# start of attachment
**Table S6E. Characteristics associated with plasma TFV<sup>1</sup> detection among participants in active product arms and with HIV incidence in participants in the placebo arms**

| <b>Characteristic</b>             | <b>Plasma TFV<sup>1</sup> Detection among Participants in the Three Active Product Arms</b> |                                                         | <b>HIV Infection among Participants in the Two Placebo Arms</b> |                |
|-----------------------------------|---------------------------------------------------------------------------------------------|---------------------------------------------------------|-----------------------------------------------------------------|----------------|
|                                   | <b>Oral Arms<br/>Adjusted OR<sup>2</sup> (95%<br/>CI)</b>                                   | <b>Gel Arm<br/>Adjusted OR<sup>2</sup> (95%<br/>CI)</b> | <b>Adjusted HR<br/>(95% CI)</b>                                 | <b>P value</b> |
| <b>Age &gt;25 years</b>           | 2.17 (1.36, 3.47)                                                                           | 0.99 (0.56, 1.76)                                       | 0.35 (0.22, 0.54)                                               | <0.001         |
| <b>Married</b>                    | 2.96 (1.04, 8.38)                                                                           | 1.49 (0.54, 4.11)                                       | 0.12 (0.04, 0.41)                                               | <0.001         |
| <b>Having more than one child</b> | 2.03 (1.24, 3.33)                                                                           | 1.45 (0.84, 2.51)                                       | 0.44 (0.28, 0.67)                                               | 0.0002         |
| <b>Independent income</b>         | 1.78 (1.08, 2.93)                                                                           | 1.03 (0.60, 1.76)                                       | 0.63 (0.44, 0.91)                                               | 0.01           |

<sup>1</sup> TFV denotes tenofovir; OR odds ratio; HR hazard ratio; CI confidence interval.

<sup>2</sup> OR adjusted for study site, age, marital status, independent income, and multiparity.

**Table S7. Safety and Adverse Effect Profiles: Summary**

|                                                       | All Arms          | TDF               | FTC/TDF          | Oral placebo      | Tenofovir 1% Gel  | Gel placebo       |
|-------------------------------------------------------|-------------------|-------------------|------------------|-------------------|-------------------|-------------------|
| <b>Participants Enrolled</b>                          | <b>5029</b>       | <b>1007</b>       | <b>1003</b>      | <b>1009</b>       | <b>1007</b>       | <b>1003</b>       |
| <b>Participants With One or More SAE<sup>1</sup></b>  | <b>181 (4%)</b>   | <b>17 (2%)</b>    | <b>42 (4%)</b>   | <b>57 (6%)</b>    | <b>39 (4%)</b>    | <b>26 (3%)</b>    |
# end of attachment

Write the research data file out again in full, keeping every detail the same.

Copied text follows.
**Table S6E. Characteristics associated with plasma TFV<sup>1</sup> detection among participants in active product arms and with HIV incidence in participants in the placebo arms**

| <b>Characteristic</b>             | <b>Plasma TFV<sup>1</sup> Detection among Participants in the Three Active Product Arms</b> |                                                         | <b>HIV Infection among Participants in the Two Placebo Arms</b> |                |
|-----------------------------------|---------------------------------------------------------------------------------------------|---------------------------------------------------------|-----------------------------------------------------------------|----------------|
|                                   | <b>Oral Arms<br/>Adjusted OR<sup>2</sup> (95%<br/>CI)</b>                                   | <b>Gel Arm<br/>Adjusted OR<sup>2</sup> (95%<br/>CI)</b> | <b>Adjusted HR<br/>(95% CI)</b>                                 | <b>P value</b> |
| <b>Age &gt;25 years</b>           | 2.17 (1.36, 3.47)                                                                           | 0.99 (0.56, 1.76)                                       | 0.35 (0.22, 0.54)                                               | <0.001         |
| <b>Married</b>                    | 2.96 (1.04, 8.38)                                                                           | 1.49 (0.54, 4.11)                                       | 0.12 (0.04, 0.41)                                               | <0.001         |
| <b>Having more than one child</b> | 2.03 (1.24, 3.33)                                                                           | 1.45 (0.84, 2.51)                                       | 0.44 (0.28, 0.67)                                               | 0.0002         |
| <b>Independent income</b>         | 1.78 (1.08, 2.93)                                                                           | 1.03 (0.60, 1.76)                                       | 0.63 (0.44, 0.91)                                               | 0.01           |

<sup>1</sup> TFV denotes tenofovir; OR odds ratio; HR hazard ratio; CI confidence interval.

<sup>2</sup> OR adjusted for study site, age, marital status, independent income, and multiparity.

**Table S7. Safety and Adverse Effect Profiles: Summary**

|                                                       | All Arms          | TDF               | FTC/TDF          | Oral placebo      | Tenofovir 1% Gel  | Gel placebo       |
|-------------------------------------------------------|-------------------|-------------------|------------------|-------------------|-------------------|-------------------|
| <b>Participants Enrolled</b>                          | <b>5029</b>       | <b>1007</b>       | <b>1003</b>      | <b>1009</b>       | <b>1007</b>       | <b>1003</b>       |
| <b>Participants With One or More SAE<sup>1</sup></b>  | <b>181 (4%)</b>   | <b>17 (2%)</b>    | <b>42 (4%)</b>   | <b>57 (6%)</b>    | <b>39 (4%)</b>    | <b>26 (3%)</b>    |